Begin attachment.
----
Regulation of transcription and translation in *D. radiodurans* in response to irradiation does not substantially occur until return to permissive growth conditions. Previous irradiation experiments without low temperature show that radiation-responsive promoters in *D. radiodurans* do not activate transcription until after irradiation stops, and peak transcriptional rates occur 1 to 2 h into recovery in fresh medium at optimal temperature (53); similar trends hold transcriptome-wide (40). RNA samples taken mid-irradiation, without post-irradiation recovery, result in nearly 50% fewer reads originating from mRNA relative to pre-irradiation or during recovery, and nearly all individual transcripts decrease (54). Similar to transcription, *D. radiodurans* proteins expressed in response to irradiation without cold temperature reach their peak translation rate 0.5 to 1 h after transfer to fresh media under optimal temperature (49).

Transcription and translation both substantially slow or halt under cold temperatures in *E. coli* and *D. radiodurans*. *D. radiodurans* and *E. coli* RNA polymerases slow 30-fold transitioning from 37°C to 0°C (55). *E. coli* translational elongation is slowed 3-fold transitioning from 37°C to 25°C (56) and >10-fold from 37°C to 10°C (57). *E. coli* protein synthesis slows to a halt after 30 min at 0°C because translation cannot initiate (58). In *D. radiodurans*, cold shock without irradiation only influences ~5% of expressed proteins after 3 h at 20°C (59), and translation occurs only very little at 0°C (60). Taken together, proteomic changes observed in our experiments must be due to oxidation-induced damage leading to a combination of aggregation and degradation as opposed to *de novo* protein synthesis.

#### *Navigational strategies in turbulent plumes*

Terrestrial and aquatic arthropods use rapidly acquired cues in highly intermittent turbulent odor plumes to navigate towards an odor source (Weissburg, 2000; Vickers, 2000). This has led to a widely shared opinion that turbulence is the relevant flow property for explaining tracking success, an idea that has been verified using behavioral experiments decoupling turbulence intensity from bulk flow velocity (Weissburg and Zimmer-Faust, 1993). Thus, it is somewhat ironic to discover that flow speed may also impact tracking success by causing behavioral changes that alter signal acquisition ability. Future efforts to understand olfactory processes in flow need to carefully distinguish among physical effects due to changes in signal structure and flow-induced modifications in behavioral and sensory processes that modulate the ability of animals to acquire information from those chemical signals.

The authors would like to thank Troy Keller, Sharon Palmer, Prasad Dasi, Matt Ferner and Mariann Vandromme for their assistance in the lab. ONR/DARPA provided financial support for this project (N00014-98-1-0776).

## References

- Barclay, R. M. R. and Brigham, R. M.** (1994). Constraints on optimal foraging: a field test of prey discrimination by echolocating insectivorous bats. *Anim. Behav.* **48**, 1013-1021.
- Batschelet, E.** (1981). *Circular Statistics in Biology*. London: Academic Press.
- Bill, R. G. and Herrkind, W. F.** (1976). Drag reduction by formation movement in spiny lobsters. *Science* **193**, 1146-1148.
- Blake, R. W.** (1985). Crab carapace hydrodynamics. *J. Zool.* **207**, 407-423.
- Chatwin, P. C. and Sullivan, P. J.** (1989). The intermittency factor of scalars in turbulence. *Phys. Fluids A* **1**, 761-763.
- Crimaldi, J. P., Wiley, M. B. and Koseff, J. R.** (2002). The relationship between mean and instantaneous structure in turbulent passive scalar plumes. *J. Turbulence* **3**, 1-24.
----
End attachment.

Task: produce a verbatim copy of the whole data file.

Regulation of transcription and translation in *D. radiodurans* in response to irradiation does not substantially occur until return to permissive growth conditions. Previous irradiation experiments without low temperature show that radiation-responsive promoters in *D. radiodurans* do not activate transcription until after irradiation stops, and peak transcriptional rates occur 1 to 2 h into recovery in fresh medium at optimal temperature (53); similar trends hold transcriptome-wide (40). RNA samples taken mid-irradiation, without post-irradiation recovery, result in nearly 50% fewer reads originating from mRNA relative to pre-irradiation or during recovery, and nearly all individual transcripts decrease (54). Similar to transcription, *D. radiodurans* proteins expressed in response to irradiation without cold temperature reach their peak translation rate 0.5 to 1 h after transfer to fresh media under optimal temperature (49).

Transcription and translation both substantially slow or halt under cold temperatures in *E. coli* and *D. radiodurans*. *D. radiodurans* and *E. coli* RNA polymerases slow 30-fold transitioning from 37°C to 0°C (55). *E. coli* translational elongation is slowed 3-fold transitioning from 37°C to 25°C (56) and >10-fold from 37°C to 10°C (57). *E. coli* protein synthesis slows to a halt after 30 min at 0°C because translation cannot initiate (58). In *D. radiodurans*, cold shock without irradiation only influences ~5% of expressed proteins after 3 h at 20°C (59), and translation occurs only very little at 0°C (60). Taken together, proteomic changes observed in our experiments must be due to oxidation-induced damage leading to a combination of aggregation and degradation as opposed to *de novo* protein synthesis.

#### *Navigational strategies in turbulent plumes*

Terrestrial and aquatic arthropods use rapidly acquired cues in highly intermittent turbulent odor plumes to navigate towards an odor source (Weissburg, 2000; Vickers, 2000). This has led to a widely shared opinion that turbulence is the relevant flow property for explaining tracking success, an idea that has been verified using behavioral experiments decoupling turbulence intensity from bulk flow velocity (Weissburg and Zimmer-Faust, 1993). Thus, it is somewhat ironic to discover that flow speed may also impact tracking success by causing behavioral changes that alter signal acquisition ability. Future efforts to understand olfactory processes in flow need to carefully distinguish among physical effects due to changes in signal structure and flow-induced modifications in behavioral and sensory processes that modulate the ability of animals to acquire information from those chemical signals.

The authors would like to thank Troy Keller, Sharon Palmer, Prasad Dasi, Matt Ferner and Mariann Vandromme for their assistance in the lab. ONR/DARPA provided financial support for this project (N00014-98-1-0776).

## References

- Barclay, R. M. R. and Brigham, R. M.** (1994). Constraints on optimal foraging: a field test of prey discrimination by echolocating insectivorous bats. *Anim. Behav.* **48**, 1013-1021.
- Batschelet, E.** (1981). *Circular Statistics in Biology*. London: Academic Press.
- Bill, R. G. and Herrkind, W. F.** (1976). Drag reduction by formation movement in spiny lobsters. *Science* **193**, 1146-1148.
- Blake, R. W.** (1985). Crab carapace hydrodynamics. *J. Zool.* **207**, 407-423.
- Chatwin, P. C. and Sullivan, P. J.** (1989). The intermittency factor of scalars in turbulence. *Phys. Fluids A* **1**, 761-763.
- Crimaldi, J. P., Wiley, M. B. and Koseff, J. R.** (2002). The relationship between mean and instantaneous structure in turbulent passive scalar plumes. *J. Turbulence* **3**, 1-24.